Powers of Attorney

POWERS OF ATTORNEY/ ENDURING POWERS OF ATTORNEY/ ASSISTED DECISIONG MAKING (CAPACITY) ACT 2015

Power of attorney is a legal device in Ireland that can be set up by a person (the donor) during his/her life when he/she is in good mental health. It allows another specially appointed person (the attorney) to take actions on the donor’s behalf if he/she is absent, abroad or incapacitated through illness.
The Assisted Decision-Making (Capacity) Act 2015 provides for new arrangements for those who wish to make an Enduring Power of Attorney. When the 2015 Act is commenced, no new Enduring Power of Attorneys will be created under the 1996 Act.
If someone in Ireland is mentally incapacitated (for example, because of illness, disability or a progressive degenerative illness), all of their assets and property are normally frozen and cannot be used by anyone else unless they are jointly owned or, someone has power of attorney to deal with their property or money.
In a larger sense, power of attorney is just one of the legal arrangements that you can make during your lifetime, in the event you become incapacitated or unable to deal with your affairs. Information to help guide you in recording and registering your preferences in the event of emergency, serious illness or death. We can assist you in drafting such documentation

Types of power of attorney

There are two types of power of attorney allowed under Irish law:
• Power of attorney which gives either a specific or a general power and ceases as soon as the donor becomes incapacitated
• Enduring power of attorney which takes effect on the incapacity of the donor
Both cease on the death of the donor. However, it may be difficult to prove that the donor is dead if his/her body cannot be found, for example, as in the case of a death by drowning. Once the body is found or the donor is declared to be “believed dead” by a court (usually after 7 years have passed), the power of attorney (if there was one) ends and their affairs are dealt with in the normal way by will or under intestacy law.

Power of attorney

A power of attorney can be specific (limited to a particular purpose, for example, sale of your house in your absence) or general (entitling the attorney to do almost everything that you yourself could do). For example, it may allow the attorney to take a wide range of actions on the donor’s behalf in relation to property, business, and financial affairs. He/she may make payments from the specified accounts, make appropriate provision for any specified person’s needs, and make appropriate gifts to the donor’s relations or friends.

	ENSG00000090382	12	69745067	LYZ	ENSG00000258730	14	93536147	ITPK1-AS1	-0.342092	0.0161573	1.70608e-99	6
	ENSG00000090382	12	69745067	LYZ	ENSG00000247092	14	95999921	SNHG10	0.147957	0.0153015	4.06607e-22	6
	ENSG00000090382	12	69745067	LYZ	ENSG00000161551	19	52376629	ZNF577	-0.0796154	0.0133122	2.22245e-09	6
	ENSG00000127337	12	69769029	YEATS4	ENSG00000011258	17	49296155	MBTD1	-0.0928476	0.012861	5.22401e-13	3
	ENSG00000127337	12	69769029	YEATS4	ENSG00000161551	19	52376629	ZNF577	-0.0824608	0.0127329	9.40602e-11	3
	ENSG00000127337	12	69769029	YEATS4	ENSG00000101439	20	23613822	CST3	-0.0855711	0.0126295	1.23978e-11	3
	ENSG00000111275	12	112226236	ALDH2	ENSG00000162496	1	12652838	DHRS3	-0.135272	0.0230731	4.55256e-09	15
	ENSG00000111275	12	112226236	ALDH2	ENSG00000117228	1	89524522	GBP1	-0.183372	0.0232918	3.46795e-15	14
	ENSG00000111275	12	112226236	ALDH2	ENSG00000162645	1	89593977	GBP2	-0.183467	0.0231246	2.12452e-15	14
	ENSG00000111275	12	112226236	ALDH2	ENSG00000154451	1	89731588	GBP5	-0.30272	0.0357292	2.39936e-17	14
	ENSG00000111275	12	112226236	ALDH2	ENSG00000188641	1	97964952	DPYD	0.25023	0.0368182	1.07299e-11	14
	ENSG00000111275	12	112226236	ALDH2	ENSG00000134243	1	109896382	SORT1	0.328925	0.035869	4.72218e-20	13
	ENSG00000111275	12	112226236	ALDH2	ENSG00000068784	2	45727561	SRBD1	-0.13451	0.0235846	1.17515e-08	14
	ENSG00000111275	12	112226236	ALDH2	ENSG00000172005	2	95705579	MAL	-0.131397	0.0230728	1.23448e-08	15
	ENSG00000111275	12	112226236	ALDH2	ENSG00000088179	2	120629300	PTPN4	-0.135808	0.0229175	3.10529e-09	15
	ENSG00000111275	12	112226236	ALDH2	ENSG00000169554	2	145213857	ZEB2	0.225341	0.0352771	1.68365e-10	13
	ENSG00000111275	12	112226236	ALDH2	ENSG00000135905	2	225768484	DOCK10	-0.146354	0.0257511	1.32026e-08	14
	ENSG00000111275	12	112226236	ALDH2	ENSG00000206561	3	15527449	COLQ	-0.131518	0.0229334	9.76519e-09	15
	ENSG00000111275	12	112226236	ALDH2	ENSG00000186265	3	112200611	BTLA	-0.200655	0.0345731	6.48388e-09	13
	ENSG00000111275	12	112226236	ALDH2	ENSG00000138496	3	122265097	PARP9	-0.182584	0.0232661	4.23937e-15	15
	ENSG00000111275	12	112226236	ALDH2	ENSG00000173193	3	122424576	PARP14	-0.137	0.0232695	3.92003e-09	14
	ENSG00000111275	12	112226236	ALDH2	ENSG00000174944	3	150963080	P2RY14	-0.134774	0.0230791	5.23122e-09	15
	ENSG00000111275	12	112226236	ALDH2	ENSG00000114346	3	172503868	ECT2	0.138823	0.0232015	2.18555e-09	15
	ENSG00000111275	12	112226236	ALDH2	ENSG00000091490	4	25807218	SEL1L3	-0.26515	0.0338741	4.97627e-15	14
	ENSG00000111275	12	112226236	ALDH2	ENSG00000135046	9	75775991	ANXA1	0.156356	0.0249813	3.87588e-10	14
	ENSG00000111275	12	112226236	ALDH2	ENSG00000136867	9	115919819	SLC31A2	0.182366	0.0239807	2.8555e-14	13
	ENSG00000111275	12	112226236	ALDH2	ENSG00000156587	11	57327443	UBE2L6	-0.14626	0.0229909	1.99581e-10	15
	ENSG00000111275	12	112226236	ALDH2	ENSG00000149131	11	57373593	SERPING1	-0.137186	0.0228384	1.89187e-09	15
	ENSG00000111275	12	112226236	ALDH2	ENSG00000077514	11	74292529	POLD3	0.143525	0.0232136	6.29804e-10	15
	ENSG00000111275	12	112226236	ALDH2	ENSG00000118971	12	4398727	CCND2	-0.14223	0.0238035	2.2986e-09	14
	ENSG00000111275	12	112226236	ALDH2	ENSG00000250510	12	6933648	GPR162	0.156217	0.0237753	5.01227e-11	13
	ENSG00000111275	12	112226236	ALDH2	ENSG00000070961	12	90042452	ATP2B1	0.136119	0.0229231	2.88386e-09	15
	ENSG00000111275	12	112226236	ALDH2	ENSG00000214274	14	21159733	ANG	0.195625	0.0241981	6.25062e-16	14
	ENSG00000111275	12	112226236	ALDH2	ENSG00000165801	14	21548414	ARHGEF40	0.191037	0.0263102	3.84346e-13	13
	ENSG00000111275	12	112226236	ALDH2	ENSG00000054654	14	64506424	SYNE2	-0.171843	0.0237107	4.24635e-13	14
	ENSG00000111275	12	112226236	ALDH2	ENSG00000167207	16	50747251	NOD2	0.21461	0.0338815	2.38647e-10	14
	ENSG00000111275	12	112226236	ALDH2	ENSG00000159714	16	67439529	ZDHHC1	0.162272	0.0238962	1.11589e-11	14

Enduring power of attorney

An enduring power of attorney (EPA) also allows the attorney to make “personal care decisions” on the donor’s behalf once he/she is no longer fully mentally capable of taking decisions themself. Personal care decisions may include deciding where and with whom the donor will live, who he/she should see or not see and what training or rehabilitation he/she should get. However, if the donor wants, he/she can specifically exclude any of these powers when setting up the power of attorney or can make the attorney’s powers subject to any reasonable conditions and restrictions.
You can appoint anyone you wish to be your attorney, including a spouse, civil partner, family member, friend, colleague, etc. The procedure for creating an enduring power of attorney is much more complex than that for creating a general power of attorney.

Creating an enduring power of attorney

Because the enduring power of attorney involves the transfer of considerable powers from you to another person, there are a number of legal safeguards to protect you from abuses. The procedure for executing the enduring power of attorney is complex and requires the involvement of a solicitor and a doctor. The enduring power can only come into effect when certain procedures have been gone through and the courts have a general supervisory role in the implementation of the power.
The document creating the power must be in a particular format and must include the following:
• A statement by a doctor verifying that in his/her opinion you had the mental capacity at the time that the document was executed to understand the effect of creating the power
• A statement from you that you understood the effect of creating the power
• A statement from a solicitor that he/she is satisfied that you understood the effect of creating the power of attorney
• A statement from a solicitor that you were not acting under undue influence
At least 2 people must be notified of the making of an EPA, none of whom will be the attorney. One of the notice parties must be your spouse or civil partner if living with you. If this does not apply, one of your notice parties must be your child. If neither is applicable, one of the notice parties must be any relative (that is parent, sibling, grandchild, widow/widower/surviving civil partner of child, nephew or niece).

Who cannot be appointed?

An enduring power of attorney may be granted to individuals or trust corporations but may not be granted to the following people:
• People under the age of 18
• Bankrupts
• People convicted of offences involving fraud or dishonesty
• People disqualified under the Companies Acts
• An individual or trust corporation who owns a nursing home in which you live or an employee or agent of the owner, unless that person is also your spouse, civil partner, child or sibling

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